Archivist of the United States David S. Ferriero last week rebuffed requests to formally designate the Senate Intelligence Committee report on CIA interrogation practices a “federal record” that must be preserved.
Senators Dianne Feinstein and Patrick Leahy had urged the Archivist to exercise his authority to certify that the Senate report is a federal record.
“We believe that Congress has made it clear that the National Archives has a responsibility — as the nation’s record keeper — to advise other parts of the United States government of their legal duty to preserve documents like the Senate Report under the Federal Records Act, the Presidential Records Act, and other statutes,” Senators Feinstein and Leahy wrote in an April 13 letter.
The report qualifies for preservation as a permanent record, they said, “because it contains uniquely valuable information regarding the CIA’s detention and interrogation program under the Bush Administration,” among other reasons.
Two weeks later, dozens of non-governmental organizations led by the Constitution Project sent their own letter to the Archivist likewise urging him to make a formal determination that the Senate report is a federal record that by law must be preserved.
“The Senate study began as an examination of the CIA’s destruction of crucial video records of the torture program, which occurred without NARA’s knowledge or authorization,” the NGO letter said. “It would be sadly ironic if NARA knowingly allowed the Executive Branch to return the most comprehensive history of the CIA torture program” to Congress without preserving a permanent archival record of it.
But Archivist Ferriero was unmoved by the appeals.
“NARA has refrained from interceding in this matter because the issue is the subject of ongoing litigation,” he wrote in an April 29 reply to Senators Feinstein and Leahy, referring to a Freedom of Information Act lawsuit brought by the ACLU for access to the report. “As is routine with respect to any issue that is being litigated, we have coordinated with litigation counsel at DOJ handling the pending court case.”
He also asserted that the mere fact that executive branch agencies are in possession of the Senate report does not necessarily mean that it qualifies as a federal record. There is a “possibility that an agency could accept physical receipt of a document but maintain it in such a manner that the agency does not acquire legal custody for purposes of either the FRA [Federal Records Act] or the FOIA,” he wrote.
However, at this stage “it would not be appropriate for me to have a predisposed viewpoint in any particular case as to whether recorded information is or is not a federal record,” he said, implying that a final decision would be reached at some later stage.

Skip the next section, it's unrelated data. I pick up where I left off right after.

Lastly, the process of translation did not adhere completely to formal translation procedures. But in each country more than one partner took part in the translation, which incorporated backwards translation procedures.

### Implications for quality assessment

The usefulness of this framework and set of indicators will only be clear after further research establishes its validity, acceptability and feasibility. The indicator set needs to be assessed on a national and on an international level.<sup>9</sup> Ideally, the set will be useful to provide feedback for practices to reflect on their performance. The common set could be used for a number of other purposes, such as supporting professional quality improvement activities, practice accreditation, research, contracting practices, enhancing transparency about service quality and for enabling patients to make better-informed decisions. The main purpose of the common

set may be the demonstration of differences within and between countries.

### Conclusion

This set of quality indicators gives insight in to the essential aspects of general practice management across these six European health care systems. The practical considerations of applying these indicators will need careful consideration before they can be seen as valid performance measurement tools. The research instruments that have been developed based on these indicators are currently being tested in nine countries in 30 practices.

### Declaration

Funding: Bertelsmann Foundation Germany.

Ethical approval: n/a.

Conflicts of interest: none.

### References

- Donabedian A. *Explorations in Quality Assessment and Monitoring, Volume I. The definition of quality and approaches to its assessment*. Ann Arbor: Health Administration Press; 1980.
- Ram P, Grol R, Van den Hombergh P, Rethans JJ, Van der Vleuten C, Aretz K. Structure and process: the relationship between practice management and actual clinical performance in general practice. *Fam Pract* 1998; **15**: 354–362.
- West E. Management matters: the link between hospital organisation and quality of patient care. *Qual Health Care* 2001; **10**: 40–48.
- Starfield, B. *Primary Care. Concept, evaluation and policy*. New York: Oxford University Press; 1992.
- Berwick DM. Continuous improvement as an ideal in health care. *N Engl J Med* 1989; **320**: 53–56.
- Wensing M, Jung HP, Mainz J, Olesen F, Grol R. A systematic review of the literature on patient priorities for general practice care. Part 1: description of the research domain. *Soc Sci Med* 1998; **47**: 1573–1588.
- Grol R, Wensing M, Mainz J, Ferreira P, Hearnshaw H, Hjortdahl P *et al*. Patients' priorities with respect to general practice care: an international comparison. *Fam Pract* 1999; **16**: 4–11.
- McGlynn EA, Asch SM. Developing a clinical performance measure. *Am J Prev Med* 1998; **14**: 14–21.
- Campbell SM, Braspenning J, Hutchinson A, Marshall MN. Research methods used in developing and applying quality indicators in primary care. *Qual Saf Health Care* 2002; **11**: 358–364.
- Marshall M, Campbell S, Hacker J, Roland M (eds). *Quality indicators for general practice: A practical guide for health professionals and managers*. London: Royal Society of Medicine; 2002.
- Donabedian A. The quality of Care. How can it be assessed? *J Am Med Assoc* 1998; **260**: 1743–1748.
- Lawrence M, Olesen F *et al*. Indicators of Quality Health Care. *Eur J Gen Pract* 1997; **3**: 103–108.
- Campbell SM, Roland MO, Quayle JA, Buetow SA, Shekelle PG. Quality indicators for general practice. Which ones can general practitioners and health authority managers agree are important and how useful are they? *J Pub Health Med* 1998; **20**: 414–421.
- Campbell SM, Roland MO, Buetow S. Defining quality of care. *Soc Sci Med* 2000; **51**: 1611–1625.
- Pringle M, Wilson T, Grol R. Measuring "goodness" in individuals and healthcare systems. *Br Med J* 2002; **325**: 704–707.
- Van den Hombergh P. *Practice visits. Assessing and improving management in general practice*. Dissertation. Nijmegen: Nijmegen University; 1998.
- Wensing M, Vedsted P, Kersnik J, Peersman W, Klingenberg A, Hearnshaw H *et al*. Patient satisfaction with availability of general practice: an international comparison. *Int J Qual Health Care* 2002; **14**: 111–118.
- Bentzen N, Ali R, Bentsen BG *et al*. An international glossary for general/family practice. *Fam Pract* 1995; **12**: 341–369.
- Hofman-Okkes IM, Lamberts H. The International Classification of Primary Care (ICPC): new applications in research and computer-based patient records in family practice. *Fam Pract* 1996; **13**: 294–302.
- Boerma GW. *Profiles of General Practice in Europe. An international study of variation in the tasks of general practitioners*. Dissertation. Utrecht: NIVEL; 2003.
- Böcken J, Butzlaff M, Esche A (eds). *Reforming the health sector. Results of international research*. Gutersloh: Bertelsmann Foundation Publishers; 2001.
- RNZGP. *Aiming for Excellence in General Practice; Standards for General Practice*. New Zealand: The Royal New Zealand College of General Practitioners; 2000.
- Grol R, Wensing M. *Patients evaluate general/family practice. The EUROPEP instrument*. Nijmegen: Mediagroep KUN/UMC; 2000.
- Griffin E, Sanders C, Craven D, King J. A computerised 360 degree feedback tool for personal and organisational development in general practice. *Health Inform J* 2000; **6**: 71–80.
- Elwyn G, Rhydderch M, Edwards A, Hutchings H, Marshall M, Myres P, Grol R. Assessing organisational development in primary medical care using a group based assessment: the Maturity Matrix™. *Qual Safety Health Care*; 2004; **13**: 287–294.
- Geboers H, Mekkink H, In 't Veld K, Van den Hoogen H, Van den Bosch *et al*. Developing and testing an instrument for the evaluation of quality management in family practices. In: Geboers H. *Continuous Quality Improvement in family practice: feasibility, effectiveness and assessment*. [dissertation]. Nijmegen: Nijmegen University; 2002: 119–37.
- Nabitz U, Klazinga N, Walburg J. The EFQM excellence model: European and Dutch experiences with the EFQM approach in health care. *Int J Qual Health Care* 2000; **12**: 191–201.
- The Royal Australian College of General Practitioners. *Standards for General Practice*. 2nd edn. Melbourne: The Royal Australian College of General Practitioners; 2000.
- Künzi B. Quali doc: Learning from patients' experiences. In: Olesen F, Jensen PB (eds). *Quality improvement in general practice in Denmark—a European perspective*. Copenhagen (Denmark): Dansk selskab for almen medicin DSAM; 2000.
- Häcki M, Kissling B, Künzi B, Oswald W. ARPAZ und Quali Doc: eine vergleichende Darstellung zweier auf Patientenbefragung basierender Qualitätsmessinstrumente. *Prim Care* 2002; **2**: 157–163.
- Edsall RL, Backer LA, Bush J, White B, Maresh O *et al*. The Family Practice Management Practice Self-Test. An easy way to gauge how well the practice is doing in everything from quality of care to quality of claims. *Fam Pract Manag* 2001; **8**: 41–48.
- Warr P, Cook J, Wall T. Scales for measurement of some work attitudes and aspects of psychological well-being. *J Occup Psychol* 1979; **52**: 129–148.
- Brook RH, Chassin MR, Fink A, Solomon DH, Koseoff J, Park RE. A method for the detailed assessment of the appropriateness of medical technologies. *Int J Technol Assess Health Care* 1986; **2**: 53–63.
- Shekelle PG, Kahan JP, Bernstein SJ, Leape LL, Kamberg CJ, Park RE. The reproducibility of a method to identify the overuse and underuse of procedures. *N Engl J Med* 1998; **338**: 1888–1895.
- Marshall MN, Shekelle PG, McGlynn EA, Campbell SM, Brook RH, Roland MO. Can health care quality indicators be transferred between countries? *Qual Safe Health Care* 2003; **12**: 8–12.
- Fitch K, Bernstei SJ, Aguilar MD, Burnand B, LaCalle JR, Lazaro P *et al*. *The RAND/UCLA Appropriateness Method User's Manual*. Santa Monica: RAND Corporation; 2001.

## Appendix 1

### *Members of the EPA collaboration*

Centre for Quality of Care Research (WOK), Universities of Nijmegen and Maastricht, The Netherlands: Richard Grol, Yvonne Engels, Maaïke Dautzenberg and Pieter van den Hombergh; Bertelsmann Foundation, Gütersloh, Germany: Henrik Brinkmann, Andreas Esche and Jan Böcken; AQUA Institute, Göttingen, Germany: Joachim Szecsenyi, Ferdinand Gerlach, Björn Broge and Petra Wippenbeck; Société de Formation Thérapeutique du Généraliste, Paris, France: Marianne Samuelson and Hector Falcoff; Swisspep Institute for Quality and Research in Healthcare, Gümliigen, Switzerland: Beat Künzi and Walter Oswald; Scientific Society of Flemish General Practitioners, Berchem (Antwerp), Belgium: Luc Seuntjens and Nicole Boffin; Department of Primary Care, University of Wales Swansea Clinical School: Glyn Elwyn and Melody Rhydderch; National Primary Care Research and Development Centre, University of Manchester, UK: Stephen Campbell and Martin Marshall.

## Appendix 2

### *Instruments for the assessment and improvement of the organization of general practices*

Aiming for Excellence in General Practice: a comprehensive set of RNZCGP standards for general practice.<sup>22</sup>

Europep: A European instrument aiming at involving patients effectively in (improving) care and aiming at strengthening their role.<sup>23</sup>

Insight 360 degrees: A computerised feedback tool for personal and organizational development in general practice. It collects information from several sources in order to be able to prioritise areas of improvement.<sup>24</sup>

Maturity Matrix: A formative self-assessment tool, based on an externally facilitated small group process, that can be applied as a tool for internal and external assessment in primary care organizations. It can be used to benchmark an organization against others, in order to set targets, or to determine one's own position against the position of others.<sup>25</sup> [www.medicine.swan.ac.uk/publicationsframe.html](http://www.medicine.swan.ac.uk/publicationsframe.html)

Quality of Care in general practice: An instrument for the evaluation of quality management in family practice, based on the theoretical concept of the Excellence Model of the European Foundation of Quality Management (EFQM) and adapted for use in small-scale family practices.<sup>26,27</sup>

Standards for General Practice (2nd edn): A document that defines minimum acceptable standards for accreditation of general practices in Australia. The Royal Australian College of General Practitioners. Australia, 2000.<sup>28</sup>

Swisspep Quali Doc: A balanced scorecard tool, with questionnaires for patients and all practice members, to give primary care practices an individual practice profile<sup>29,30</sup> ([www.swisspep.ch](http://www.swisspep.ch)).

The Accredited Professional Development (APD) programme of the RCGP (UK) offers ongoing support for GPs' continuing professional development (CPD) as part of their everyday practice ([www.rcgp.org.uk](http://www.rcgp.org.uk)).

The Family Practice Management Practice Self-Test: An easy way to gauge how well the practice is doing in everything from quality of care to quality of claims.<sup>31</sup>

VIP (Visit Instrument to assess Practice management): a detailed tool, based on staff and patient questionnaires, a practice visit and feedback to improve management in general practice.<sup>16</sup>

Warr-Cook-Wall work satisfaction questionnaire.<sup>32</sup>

The National Archives acknowledged receipt of the NGO letter (which was co-signed by the FAS Project on Government Secrecy), and said that a response to that letter would be provided in due course.
Otherwise, officials contacted by Secrecy News would not discuss the matter on the record. But what emerges from several conversations is something like this:
Although the Archivist has independent legal authority to determine the status of federal records under the Presidential and Federal Records Act Amendments of 2014, he remains an executive branch official and he is not politically autonomous. In the face of FOIA litigation, which takes precedence as a practical matter, it actually is “routine” (or at least unsurprising) for the Archivist to defer to the Justice Department and to abstain from unilateral action.
If the ongoing FOIA litigation ultimately led to a determination that the Senate report is a “record” for purposes of FOIA, then it would be easy for the Archivist to concur. If not, then it would be more difficult, but not altogether impossible, for the Archivist to conclude that the report is nevertheless a federal record. “The determination of record status under the FRA and the Freedom of Information Act (FOIA), while not identical, is similar,” the Archivist wrote.
In any event, while an immediate resolution of this dispute is foreclosed by the Archivist’s refusal to intervene, the larger question of the status of the Senate report as a federal record remains open.
Legal technicalities aside, it would be astonishing if the full Senate Committee report were not preserved for posterity one way or another, and eventually published. Even if it is not the last word on post-9/11 detention and interrogation, and even if not every word of it turns out to be true and correct, the Committee report has already become central to public discourse on the subject. If it became possible to erase it from the historical record in some kind of Stalinesque act of suppression, then we would all have bigger problems to worry about.
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